Questions raised over effectiveness of faecal transplant for IBS
A recent systematic review and meta-analysis published in American Journal of gastroenterology and reported by AusDoc (Clair Pain) discussed the lack of benefit seen at 12 weeks after a Faecal transplant for irritable bowel syndrome however the route of administration may play a part.
Pooling data from four randomised controlled trials with 254 participants, the US authors found no difference between people given a faecal microbiota transplant (FMT) and those given placebo. At 12 weeks after transplant, 49% of those receiving donor faecal material reported an improvement of global IBS symptoms, compared with 51% of those assigned to placebo, the authors wrote in the American Journal of Gastroenterology.
The four studies had different approaches to treatment administration: two used donor faeces and a placebo consisting of the patient’s own faeces, delivered either via colonscopy or nasojejunal tube. The other two studies delivered donor faeces via oral capsules — either 75 capsules over three days or 300 over 12 days. The placebo capsules in the latter studies contained only excipients and in one study, brown colouring.
After drawing a blank looking at the data for all the studies pooled together, the researchers then analysed data for the tubal and oral studies separately.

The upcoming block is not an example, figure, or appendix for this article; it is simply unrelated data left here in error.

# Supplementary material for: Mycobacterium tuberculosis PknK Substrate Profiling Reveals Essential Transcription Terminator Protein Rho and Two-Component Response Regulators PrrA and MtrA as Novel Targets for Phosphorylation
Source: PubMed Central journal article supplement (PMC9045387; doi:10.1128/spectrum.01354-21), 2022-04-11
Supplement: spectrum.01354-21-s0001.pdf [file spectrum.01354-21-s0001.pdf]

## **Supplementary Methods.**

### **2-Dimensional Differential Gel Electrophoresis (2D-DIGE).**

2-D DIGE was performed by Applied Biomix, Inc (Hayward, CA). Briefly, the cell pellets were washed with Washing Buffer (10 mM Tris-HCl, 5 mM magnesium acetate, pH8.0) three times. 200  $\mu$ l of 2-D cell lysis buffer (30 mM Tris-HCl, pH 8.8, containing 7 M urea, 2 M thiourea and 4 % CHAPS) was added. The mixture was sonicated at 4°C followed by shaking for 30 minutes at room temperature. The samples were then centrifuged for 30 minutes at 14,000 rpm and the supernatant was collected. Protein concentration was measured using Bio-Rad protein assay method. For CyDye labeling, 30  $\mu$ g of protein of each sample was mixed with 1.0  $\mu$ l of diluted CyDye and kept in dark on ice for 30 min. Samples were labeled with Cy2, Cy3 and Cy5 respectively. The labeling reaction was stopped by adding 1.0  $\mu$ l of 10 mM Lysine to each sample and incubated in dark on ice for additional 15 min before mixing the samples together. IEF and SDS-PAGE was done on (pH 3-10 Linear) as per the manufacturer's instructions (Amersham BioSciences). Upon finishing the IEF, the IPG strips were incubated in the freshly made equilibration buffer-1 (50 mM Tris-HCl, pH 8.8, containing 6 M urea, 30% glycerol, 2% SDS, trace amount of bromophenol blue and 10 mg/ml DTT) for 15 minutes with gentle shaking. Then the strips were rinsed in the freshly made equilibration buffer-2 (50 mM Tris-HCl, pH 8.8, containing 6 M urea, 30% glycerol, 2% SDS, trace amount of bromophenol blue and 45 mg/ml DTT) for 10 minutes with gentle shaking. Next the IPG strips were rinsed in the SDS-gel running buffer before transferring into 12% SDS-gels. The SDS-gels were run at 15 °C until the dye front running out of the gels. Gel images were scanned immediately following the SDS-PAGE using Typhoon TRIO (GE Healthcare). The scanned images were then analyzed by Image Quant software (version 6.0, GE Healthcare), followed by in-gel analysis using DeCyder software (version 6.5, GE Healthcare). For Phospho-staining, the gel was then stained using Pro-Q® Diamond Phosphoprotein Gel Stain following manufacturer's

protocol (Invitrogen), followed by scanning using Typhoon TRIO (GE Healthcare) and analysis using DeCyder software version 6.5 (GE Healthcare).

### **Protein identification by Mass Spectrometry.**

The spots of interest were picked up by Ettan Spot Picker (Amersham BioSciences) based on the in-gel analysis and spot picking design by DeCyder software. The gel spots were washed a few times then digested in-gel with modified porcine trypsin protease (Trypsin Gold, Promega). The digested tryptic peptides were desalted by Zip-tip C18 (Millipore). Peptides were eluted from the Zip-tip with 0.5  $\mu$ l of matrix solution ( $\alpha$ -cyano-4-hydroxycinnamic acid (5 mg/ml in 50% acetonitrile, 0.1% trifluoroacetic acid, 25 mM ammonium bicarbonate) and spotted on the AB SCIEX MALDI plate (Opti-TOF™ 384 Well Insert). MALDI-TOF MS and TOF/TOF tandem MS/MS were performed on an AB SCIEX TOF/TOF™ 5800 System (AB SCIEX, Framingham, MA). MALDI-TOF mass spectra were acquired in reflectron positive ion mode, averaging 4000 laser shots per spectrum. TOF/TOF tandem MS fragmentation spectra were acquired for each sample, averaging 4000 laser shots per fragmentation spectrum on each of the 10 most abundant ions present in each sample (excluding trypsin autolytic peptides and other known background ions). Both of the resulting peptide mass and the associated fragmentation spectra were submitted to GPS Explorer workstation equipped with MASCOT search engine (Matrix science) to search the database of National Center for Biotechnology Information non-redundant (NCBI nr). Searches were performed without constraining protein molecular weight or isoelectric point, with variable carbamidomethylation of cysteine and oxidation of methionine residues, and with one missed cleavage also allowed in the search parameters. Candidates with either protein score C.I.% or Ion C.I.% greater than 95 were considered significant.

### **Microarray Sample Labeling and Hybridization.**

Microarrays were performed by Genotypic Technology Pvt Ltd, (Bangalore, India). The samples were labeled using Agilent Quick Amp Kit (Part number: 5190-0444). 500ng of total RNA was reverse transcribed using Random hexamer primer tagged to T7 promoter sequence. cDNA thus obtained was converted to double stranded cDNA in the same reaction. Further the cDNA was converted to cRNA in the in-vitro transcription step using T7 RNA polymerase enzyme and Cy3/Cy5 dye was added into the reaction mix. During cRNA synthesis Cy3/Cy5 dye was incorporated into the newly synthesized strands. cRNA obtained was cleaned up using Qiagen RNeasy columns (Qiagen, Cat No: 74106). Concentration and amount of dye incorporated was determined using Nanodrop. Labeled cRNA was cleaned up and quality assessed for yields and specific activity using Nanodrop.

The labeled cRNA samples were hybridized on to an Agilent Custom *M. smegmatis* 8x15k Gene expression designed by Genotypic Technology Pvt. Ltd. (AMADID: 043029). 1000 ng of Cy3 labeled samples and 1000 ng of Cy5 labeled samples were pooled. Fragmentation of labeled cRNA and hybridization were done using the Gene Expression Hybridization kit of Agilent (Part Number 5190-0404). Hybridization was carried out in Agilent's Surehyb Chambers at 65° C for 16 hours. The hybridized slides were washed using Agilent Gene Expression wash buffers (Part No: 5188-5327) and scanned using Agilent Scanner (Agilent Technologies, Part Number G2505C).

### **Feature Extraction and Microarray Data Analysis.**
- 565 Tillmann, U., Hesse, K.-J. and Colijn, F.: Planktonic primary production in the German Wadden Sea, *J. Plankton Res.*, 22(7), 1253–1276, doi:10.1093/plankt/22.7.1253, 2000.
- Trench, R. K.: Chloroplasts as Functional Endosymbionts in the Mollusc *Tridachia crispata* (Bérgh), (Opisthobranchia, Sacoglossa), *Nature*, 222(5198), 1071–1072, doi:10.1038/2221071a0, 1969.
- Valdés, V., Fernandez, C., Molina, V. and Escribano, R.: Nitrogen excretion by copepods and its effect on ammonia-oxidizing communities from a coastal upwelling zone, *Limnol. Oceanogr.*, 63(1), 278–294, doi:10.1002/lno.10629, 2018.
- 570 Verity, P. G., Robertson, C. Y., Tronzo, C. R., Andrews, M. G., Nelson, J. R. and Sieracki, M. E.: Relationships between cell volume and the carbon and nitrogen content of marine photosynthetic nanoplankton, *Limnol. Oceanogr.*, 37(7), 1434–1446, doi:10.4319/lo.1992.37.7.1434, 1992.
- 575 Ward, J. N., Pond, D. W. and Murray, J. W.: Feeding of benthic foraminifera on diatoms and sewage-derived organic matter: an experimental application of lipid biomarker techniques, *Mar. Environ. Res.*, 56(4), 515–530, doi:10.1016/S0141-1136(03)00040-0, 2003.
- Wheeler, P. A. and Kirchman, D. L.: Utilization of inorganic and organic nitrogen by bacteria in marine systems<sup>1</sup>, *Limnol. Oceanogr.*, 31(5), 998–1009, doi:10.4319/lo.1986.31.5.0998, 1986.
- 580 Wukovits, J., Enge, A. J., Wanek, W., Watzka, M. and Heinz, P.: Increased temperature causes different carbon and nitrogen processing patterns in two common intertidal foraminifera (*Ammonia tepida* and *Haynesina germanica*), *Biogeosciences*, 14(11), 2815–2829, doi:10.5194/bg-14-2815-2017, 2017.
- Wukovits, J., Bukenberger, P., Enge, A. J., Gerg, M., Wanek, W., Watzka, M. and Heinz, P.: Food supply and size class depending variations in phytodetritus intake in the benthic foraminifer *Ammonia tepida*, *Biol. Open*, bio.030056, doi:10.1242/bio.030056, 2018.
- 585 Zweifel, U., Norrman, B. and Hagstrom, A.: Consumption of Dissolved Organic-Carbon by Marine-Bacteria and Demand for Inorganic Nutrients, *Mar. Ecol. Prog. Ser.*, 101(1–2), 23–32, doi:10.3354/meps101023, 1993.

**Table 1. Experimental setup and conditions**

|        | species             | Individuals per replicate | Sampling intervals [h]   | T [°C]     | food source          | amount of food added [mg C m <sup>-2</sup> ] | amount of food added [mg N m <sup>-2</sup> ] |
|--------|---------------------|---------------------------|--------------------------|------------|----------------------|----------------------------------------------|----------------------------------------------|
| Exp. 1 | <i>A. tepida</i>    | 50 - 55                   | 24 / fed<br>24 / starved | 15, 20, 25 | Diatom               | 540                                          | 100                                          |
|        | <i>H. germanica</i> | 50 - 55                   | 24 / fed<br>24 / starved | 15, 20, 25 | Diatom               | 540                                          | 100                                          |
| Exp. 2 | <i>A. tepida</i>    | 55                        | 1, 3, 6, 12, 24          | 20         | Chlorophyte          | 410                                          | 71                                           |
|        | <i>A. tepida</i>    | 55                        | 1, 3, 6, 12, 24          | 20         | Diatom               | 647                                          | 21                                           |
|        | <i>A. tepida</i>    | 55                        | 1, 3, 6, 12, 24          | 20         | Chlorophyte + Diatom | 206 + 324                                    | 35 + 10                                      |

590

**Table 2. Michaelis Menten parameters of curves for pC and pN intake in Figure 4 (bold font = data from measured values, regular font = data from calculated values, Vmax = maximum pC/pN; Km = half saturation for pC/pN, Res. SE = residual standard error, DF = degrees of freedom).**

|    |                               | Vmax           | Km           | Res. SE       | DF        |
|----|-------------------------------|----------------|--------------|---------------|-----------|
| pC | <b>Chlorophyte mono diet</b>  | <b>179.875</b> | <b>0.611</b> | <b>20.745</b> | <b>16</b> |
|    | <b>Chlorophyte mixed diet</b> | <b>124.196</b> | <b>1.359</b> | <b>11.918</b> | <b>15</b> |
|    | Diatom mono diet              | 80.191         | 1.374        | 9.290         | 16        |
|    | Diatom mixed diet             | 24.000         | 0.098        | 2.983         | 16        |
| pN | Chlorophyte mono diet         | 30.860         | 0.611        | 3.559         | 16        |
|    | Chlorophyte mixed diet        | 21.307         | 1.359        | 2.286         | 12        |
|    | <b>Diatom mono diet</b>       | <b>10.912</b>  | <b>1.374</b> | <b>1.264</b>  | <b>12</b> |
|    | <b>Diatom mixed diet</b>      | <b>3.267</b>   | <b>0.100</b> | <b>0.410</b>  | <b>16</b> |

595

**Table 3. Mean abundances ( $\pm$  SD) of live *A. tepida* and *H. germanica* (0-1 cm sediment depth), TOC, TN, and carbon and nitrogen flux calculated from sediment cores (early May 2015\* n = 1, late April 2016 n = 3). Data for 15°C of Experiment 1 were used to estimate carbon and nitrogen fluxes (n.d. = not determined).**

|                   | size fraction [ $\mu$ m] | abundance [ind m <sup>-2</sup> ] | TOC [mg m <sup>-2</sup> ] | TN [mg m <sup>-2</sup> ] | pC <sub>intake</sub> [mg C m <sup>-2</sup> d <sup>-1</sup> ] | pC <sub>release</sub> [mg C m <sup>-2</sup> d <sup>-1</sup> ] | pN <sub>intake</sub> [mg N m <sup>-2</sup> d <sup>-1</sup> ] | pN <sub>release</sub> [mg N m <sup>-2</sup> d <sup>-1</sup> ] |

The faecal transplants appeared to be effective in the tubal studies. Patients given donor faeces in this way were 60% more likely to report improvement in their global IBS symptom score than those given a placebo consisting of their own faeces.
In contrast, pooled data from the two studies that employed oral capsules to administer the treatments showed that placebo was better at reducing IBS global symptoms than the faecal capsules.
“The benefit or harm of FMT seems to be associated with the methodology of FMT and placebo because the two randomised controlled trials using single-dose FMT through colonoscopy and nasojejunal tubes demonstrated a clinically significant improvement in global IBS symptoms in comparison with autologous FMT, whereas the two multiple-dose oral capsule FMT studies showed not just lack of benefit, but potential harm to the subjects when compared with capsule excipients only.”
The apparent effectiveness of non-oral FMT in IBS “contrasted starkly” with studies on transplant for Clostridium difficile where capsule FMT was “highly effective and not inferior to non-oral FMT”, they added. However, their conclusions were based on only a few small trials and more randomised trials were needed, they said.